UK Fines Security Firms For Illegal Direct Marketing

By Charles Rollet, Published on Jan 16, 2019

Two UK security firms have paid over $200,000 in fines for illegally making hundreds of thousands of calls to people registered on a government no-call list.

Some of the calls included dubious claims of local crime waves or “free” equipment with hefty installation prices, according to complaints reviewed by IPVM.

In this note, we examine:

  • Who Was Fined & Why
  • Complaints Reveal Spammy, Misleading Calls
  • Total Fines Paid
  • Why They Thought They'd Get Away with It
  • Response from Government + Firms
  • US Comparison
  • Shady Sales Tactics in Home Security
  • GDPR Context

Because the illegal activity took place before GDPR implementation, the new regulation played no role in this case. However, the fines are a reminder of the legal risks of direct marketing and the possibility of even stricter government enforcement/fines for violations occurring after the GDPR.

Case Background

According to the ICO, the UK government data regulator:

  • A.C.T. Response of Middlesbrough made 496,455 illegal direct marketing calls between January 2017 and February 2018

The calls were made to phone numbers registered with to Telephone Preference Service (TPS), a government registry which bans unsolicited marketing calls.

Neither firm screened the numbers they called up against the TPS registry before making the calls, a practice that is illegal in the UK.

Constant Spammy, Misleading Calls

The calls sparked a flood of complaints to the ICO. Some complaints mentioned that callers from SHS, in particular, made doubtful claims about crime waves and hefty install fees.

ACT Response Complaint:

image

SHS Complaints:

Total Fines Paid

ICO deemed these calls and the companies’ ignoring of hundreds of complaints a clear violation of the Privacy and Electronic Communications Regulations or PECR of 2003.

In October 2018, A.C.T. Response was fined £140,000 (~$180,000) and SHS was fined £80,000 (~$102,000).

By accepting the verdict and paying early, the firms ultimately paid a reduced fine of £112,000 ($143,000) and £64,000 ($82,000) respectively, the ICO confirmed to IPVM.

Both firms ceased all direct marketing calls once the ICO began its investigation, said the ICO.

Why They Thought They'd Get Away With It

A.C.T. Response used a variety of tactics to evade detection, the ICO stated, such as getting its sister company to actually make the calls and telling its cold callers how to deal with people on the TPS list.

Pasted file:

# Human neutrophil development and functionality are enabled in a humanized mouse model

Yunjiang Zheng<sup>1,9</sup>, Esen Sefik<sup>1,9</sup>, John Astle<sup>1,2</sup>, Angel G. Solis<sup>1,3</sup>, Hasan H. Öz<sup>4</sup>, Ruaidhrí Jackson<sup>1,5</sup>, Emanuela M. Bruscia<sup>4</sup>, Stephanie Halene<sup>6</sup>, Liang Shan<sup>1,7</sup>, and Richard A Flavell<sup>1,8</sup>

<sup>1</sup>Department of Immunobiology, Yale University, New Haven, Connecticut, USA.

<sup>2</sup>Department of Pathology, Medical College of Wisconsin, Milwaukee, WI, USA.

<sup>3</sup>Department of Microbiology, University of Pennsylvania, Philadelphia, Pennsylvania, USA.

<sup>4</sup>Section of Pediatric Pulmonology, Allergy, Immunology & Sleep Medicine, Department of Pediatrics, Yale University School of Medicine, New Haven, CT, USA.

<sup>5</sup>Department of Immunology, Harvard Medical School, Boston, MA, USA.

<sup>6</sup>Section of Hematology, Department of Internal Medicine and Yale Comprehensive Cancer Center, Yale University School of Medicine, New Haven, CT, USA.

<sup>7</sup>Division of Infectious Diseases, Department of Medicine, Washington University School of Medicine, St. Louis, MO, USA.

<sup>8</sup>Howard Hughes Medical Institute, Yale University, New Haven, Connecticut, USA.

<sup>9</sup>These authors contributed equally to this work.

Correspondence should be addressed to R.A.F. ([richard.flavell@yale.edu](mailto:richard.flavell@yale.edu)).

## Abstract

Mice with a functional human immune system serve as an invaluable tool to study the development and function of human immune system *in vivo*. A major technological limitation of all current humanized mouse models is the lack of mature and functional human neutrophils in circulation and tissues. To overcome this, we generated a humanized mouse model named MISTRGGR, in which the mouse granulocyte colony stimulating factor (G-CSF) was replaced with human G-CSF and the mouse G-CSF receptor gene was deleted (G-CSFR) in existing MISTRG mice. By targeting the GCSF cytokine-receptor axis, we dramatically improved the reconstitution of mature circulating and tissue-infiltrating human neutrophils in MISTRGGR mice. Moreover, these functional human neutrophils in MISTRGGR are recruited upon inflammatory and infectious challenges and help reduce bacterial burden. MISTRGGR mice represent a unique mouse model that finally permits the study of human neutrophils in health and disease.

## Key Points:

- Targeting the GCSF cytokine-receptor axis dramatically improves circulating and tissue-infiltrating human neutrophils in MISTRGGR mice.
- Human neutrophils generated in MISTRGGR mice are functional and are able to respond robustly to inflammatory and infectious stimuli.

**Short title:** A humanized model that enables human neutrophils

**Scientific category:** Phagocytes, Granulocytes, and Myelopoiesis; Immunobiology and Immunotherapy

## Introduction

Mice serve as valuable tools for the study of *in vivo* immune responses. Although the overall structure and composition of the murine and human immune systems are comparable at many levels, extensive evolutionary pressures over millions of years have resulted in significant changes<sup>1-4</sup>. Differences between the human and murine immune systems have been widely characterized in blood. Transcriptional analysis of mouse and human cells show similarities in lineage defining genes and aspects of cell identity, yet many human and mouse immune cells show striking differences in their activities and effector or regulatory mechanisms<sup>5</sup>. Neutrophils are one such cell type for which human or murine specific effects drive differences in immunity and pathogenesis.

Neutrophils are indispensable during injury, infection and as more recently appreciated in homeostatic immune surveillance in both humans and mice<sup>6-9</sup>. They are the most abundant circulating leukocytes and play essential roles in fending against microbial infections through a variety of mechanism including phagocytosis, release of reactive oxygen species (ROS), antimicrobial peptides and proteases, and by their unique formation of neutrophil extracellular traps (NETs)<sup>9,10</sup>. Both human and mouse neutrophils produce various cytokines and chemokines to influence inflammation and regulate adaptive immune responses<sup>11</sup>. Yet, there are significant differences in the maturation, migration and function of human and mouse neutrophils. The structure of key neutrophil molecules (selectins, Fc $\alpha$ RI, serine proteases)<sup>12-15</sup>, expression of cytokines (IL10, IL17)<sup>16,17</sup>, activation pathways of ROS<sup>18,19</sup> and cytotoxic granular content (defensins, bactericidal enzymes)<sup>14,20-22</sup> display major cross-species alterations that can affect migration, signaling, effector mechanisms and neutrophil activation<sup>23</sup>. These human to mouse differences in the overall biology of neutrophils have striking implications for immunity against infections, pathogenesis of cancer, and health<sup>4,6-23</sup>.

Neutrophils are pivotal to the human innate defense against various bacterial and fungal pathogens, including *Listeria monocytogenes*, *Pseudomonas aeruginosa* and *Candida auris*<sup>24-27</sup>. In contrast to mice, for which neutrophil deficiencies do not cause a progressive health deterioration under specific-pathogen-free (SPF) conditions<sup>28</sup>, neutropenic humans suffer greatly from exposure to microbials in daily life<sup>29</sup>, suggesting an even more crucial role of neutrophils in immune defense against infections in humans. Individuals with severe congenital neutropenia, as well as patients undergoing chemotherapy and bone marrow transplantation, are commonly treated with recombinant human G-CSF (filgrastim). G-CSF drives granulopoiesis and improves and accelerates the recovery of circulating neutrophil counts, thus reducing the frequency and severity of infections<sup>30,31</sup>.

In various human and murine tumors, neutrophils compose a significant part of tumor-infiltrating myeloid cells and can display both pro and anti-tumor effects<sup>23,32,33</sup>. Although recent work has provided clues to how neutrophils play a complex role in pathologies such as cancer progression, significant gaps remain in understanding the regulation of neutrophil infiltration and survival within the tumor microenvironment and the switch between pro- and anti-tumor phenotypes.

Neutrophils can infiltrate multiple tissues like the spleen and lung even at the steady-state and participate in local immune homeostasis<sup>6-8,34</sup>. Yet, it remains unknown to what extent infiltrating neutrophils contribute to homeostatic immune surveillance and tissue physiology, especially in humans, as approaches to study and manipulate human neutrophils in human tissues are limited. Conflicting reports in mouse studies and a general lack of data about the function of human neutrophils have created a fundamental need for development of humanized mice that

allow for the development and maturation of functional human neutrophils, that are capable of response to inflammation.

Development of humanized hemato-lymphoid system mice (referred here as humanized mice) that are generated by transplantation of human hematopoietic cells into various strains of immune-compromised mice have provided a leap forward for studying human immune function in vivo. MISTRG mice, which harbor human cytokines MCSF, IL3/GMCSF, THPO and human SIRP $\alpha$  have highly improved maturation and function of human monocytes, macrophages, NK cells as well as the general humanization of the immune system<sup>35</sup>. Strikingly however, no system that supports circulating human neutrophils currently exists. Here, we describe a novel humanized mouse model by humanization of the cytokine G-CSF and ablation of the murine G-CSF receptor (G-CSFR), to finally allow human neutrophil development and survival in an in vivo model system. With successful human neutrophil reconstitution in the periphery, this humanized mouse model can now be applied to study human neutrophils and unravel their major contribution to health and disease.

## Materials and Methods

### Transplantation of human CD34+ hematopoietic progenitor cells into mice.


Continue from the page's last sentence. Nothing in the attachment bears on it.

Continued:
According to the ICO, SHS did not use such "deliberate" evasion tactics, although it did find the firm "negligent" for ignoring publicly-available ICO guidance on direct marketing.

Response from ICO

The ICO released a statement about the two cases, warning other companies against such practices:

These fines should set alarm bells ringing and deter marketing companies across all sectors that are contacting people without their consent. It is a company’s responsibility to make sure that it has valid consent to make these calls. The TPS is there for a reason – to protect people’s privacy and ensure that marketing companies obey the law. Marketing companies failing to take the basic step of checking TPS can expect robust enforcement.

Response from Security Firms

IPVM contacted both firms about these fines asking specifically why they decided to rely so heavily on direct marketing, but received no response.

UK Direct Marketing Context

Getting fined for violating the TPS registry is not uncommon in the UK. Just 3 weeks after these fines, the ICO fined two other (non-security) firms for making over 1 million illegal calls to TPS subscribers. However, IPVM couldn't find such fines being applied to other UK security firms recently.

US Comparison

Direct marketing is also regulated by the government in the US, which has a similar list to TPS called the National Do Not Call Registry. Violators of the registry can technically be fined over $40,000 per call by the FTC.

Last spring, the FTC filed charges against Alliance Security Inc., a home security firm, for making "more than a million" unauthorized calls to people on the registry. The case is ongoing but has been temporarily halted due to the government shutdown.

Shady Sales Tactics Not New to Home Security 

In the UK, local authorities in Hampshire County have warned residents against cold calls from unspecified home alarm firms who could be gathering data or selling unnecessary systems. The BBC has also investigated one UK security firm whose salespeople made a number of false claims, including that they had police security clearance.

In the US, the FTC has warned that "Some Home Security Systems May Be Scams", stating that: 

They may use scare tactics. For example, they may talk about a rash of supposed burglaries in your neighborhood.

Direct Marketing and GDPR

Since the security firms’ direct marketing calls took place before GDPR implementation on May 25, 2018, this case was not tried with the new law in force.

However, the case is a good reminder that the GDPR Article 21 establishes a clear right for data subjects to object to direct marketing, stating:

Where the data subject objects to processing for direct marketing purposes, the personal data shall no longer be processed for such purposes.

That means direct marketing violations taking place after May 25, if done on a particularly egregious scale, could reach the significantly higher monetary penalties levied by the GDPR – a maximum of 4% of annual revenue or 20 million euros ($23 million). That’s something any integrator considering direct marketing should take note of.

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